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Alternative Cash Management Through Ally Bank

Ally Invest’s cash management policies overall look pretty atrocious. An easy way to circumvent them and still have banking features with an Ally brokerage account is to open a deposit account with Ally Invest’s affiliate Ally Bank, and then link it to the brokerage account. The linking is easy to accomplish, as Ally does it automatically.

Neither Ally Bank’s savings account nor its money market deposit account has an annual fee or a low-balance fee. There is no fee to open or close an account, and there are no maintenance fees, either.

The money market account currently pays 1% APY, much higher than the 1 basis point that Ally Invest offers on its FDIC-sweep program. And the account comes with a MasterCard debit card. Under federal guidelines, the account is limited to 6 withdrawals per month, although the number of ATM transactions is unlimited. Check writing on the account is free, and includes free checks.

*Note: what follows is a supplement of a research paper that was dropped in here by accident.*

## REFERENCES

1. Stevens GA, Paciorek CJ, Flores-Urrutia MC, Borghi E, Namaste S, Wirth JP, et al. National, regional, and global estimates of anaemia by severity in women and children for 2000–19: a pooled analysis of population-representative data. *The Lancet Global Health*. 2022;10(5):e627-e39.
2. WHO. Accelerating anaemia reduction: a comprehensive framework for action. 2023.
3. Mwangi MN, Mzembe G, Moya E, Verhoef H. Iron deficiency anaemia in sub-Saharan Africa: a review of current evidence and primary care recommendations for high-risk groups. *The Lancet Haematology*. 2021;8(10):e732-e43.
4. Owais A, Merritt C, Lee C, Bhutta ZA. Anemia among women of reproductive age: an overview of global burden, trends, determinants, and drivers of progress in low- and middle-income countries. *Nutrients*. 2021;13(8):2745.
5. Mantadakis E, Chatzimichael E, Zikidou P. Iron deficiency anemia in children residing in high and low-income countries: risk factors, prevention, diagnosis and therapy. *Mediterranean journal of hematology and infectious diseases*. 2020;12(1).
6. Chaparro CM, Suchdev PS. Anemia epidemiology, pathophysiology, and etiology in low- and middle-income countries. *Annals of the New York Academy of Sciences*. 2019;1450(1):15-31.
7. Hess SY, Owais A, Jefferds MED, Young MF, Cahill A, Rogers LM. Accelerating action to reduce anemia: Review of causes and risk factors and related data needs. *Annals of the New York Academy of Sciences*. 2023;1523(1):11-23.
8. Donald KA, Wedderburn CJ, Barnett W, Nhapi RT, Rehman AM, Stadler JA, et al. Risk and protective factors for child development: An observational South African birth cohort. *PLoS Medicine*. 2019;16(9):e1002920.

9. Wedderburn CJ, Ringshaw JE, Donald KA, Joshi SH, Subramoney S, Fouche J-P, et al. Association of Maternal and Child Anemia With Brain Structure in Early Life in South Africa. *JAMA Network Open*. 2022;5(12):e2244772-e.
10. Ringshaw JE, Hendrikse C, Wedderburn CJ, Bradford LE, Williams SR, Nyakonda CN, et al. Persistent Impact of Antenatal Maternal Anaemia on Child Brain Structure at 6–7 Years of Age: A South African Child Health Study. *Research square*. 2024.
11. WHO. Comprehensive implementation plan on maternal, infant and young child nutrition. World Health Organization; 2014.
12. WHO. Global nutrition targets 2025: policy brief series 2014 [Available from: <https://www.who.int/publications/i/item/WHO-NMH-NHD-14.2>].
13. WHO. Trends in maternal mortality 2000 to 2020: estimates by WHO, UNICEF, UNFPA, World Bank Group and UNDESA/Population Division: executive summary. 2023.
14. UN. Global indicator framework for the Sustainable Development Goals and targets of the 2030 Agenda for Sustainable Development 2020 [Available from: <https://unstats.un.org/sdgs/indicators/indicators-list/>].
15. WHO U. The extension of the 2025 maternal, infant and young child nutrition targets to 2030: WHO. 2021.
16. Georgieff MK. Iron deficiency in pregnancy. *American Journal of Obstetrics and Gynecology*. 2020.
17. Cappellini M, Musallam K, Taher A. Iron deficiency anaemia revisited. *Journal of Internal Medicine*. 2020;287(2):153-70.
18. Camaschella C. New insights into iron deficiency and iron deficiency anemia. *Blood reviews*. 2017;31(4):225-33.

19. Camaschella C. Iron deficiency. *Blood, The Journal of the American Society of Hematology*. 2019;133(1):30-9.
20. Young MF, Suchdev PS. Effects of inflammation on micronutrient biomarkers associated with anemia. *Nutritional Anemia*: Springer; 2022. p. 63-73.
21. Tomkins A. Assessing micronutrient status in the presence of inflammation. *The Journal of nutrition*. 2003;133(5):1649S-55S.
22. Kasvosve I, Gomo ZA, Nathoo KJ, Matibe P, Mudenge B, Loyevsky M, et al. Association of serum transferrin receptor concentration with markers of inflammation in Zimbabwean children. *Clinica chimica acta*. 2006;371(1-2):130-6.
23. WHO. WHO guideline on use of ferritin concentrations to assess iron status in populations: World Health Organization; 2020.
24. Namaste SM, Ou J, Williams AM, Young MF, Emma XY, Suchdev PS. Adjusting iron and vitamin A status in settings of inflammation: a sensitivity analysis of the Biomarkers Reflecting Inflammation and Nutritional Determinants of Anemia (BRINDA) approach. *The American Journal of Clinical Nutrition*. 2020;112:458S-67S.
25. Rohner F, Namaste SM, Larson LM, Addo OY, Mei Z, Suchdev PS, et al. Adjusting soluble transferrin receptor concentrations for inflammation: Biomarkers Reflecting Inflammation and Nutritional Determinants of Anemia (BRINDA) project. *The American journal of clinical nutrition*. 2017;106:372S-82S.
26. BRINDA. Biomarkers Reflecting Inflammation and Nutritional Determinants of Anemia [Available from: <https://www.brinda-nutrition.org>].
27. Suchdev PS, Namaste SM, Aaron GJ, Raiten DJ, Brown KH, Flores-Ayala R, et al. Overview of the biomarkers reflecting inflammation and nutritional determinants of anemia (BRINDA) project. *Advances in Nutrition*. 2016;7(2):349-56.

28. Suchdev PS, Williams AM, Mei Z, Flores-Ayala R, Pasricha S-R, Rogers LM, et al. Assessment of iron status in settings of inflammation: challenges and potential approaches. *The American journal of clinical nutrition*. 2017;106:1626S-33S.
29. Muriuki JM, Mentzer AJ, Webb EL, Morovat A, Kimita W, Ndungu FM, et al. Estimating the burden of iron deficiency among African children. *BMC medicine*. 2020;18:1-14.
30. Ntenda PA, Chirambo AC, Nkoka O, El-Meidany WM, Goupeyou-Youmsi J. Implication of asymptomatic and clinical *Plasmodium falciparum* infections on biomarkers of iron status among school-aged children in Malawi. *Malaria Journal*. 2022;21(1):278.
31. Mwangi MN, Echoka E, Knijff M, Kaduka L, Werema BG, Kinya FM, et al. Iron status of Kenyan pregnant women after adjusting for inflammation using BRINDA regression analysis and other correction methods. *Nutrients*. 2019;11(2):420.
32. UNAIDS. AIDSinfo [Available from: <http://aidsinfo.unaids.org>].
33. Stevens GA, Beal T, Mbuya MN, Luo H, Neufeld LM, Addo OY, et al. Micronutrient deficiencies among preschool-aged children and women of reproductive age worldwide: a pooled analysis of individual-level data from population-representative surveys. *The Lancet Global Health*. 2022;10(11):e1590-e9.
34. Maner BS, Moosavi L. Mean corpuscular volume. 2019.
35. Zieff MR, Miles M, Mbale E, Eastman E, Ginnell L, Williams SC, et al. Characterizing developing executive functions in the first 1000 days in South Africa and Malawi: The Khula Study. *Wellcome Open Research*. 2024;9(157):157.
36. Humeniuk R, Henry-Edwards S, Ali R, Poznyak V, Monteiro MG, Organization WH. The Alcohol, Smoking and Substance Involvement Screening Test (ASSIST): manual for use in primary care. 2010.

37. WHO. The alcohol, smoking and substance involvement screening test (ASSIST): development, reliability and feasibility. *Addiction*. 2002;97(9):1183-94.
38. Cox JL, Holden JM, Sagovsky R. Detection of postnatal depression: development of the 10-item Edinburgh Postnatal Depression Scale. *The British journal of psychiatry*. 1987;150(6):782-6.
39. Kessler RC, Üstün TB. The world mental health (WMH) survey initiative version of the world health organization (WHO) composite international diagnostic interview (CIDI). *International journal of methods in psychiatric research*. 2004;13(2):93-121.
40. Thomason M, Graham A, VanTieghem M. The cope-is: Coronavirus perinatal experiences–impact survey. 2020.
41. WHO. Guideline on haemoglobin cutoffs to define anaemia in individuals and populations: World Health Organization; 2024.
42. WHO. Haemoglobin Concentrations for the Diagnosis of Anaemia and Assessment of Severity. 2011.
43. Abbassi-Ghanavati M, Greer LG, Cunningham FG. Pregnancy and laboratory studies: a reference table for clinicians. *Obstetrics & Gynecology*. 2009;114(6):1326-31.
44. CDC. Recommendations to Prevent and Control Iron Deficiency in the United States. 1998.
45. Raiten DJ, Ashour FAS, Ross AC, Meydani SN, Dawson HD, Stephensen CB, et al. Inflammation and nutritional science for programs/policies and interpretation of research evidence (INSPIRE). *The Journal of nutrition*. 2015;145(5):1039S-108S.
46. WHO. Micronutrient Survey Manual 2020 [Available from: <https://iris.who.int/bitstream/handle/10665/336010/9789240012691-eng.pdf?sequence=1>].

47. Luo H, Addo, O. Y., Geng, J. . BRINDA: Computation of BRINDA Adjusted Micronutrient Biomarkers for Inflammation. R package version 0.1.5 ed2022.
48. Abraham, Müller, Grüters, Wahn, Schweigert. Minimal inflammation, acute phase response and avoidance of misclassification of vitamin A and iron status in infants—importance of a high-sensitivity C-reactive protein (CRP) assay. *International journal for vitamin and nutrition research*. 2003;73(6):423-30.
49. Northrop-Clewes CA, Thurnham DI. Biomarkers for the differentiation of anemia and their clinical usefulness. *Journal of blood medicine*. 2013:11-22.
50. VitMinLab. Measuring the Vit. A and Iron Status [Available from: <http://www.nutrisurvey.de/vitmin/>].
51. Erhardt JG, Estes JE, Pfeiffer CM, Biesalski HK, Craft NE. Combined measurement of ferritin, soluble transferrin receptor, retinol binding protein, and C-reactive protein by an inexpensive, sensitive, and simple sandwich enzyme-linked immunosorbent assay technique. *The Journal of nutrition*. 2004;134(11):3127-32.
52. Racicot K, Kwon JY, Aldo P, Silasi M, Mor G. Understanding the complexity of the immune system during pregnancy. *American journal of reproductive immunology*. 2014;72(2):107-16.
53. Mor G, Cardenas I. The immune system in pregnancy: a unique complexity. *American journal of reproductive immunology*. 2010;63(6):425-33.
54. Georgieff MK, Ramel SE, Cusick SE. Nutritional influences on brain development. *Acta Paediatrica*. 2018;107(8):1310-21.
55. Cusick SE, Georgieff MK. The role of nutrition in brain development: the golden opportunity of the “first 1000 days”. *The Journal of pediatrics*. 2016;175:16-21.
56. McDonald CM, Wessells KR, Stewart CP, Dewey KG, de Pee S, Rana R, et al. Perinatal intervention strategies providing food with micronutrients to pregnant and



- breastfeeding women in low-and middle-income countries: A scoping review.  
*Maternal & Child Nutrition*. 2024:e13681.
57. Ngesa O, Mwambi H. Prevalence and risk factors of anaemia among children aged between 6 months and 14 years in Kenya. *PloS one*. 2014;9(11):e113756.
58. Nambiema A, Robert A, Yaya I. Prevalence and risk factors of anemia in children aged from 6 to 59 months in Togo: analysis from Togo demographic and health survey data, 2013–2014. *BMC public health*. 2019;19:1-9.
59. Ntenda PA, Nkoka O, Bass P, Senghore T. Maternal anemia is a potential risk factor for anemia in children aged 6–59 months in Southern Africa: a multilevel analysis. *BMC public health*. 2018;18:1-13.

A savings account pays a slightly higher interest rate—1%—but it doesn’t come with a debit card or checks. Like the money market account, it is also limited to 6 withdrawals per month.

If you need unlimited withdrawals every month, the bank provides a checking account. It pays a much lower interest rate, however. Balances less than $15,000 earn just 10 basis points, while assets above that level earn 0.60%.

Like the money market account, the checking account charges nothing for ATM withdrawals, a big plus over the brokerage ATM’s policies. Moreover, ATM surcharges are actually reimbursed. In the past, Ally imposed no cap to this policy; but the bank currently has a $10 monthly limit. Withdrawals at Allpoint cash machines are free, and there are more than 43,000 of them throughout the U.S.

Transfers are straightforward between an Ally Invest account and an Ally Bank account. However, the deposit account must first be added to the Ally Invest account before transfers are possible. For some reason, the company does not permit transfers to be initiated on the banking side.